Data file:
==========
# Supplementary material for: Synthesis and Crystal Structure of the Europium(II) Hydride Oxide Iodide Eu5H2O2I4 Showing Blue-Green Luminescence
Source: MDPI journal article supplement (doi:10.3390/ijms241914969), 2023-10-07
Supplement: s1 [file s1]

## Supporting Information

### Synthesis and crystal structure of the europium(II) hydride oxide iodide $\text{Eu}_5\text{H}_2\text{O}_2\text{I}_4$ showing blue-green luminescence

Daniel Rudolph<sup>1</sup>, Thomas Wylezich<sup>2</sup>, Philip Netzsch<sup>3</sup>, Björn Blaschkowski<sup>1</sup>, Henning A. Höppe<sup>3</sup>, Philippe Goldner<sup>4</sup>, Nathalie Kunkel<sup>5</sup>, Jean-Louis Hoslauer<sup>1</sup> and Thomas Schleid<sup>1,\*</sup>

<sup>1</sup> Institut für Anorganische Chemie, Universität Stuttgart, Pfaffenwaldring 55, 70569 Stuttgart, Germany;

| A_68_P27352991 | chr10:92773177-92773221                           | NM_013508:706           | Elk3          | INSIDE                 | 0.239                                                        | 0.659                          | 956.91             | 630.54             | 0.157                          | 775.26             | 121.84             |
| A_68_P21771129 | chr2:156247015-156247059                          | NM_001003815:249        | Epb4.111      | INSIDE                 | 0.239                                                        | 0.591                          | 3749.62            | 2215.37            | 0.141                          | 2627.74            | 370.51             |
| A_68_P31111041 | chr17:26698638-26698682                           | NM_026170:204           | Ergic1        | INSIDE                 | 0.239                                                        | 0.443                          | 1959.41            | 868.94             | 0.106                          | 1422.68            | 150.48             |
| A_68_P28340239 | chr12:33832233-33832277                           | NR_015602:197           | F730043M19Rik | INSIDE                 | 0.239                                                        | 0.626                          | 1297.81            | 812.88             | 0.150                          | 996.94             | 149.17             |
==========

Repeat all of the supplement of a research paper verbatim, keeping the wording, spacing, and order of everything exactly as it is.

# Supplementary material for: Synthesis and Crystal Structure of the Europium(II) Hydride Oxide Iodide Eu5H2O2I4 Showing Blue-Green Luminescence
Source: MDPI journal article supplement (doi:10.3390/ijms241914969), 2023-10-07
Supplement: s1 [file s1]

## Supporting Information

### Synthesis and crystal structure of the europium(II) hydride oxide iodide $\text{Eu}_5\text{H}_2\text{O}_2\text{I}_4$ showing blue-green luminescence

Daniel Rudolph<sup>1</sup>, Thomas Wylezich<sup>2</sup>, Philip Netzsch<sup>3</sup>, Björn Blaschkowski<sup>1</sup>, Henning A. Höppe<sup>3</sup>, Philippe Goldner<sup>4</sup>, Nathalie Kunkel<sup>5</sup>, Jean-Louis Hoslauer<sup>1</sup> and Thomas Schleid<sup>1,\*</sup>

<sup>1</sup> Institut für Anorganische Chemie, Universität Stuttgart, Pfaffenwaldring 55, 70569 Stuttgart, Germany;

| A_68_P27352991 | chr10:92773177-92773221                           | NM_013508:706           | Elk3          | INSIDE                 | 0.239                                                        | 0.659                          | 956.91             | 630.54             | 0.157                          | 775.26             | 121.84             |
| A_68_P21771129 | chr2:156247015-156247059                          | NM_001003815:249        | Epb4.111      | INSIDE                 | 0.239                                                        | 0.591                          | 3749.62            | 2215.37            | 0.141                          | 2627.74            | 370.51             |
| A_68_P31111041 | chr17:26698638-26698682                           | NM_026170:204           | Ergic1        | INSIDE                 | 0.239                                                        | 0.443                          | 1959.41            | 868.94             | 0.106                          | 1422.68            | 150.48             |
| A_68_P28340239 | chr12:33832233-33832277                           | NR_015602:197           | F730043M19Rik | INSIDE                 | 0.239                                                        | 0.626                          | 1297.81            | 812.88             | 0.150                          | 996.94             | 149.17             |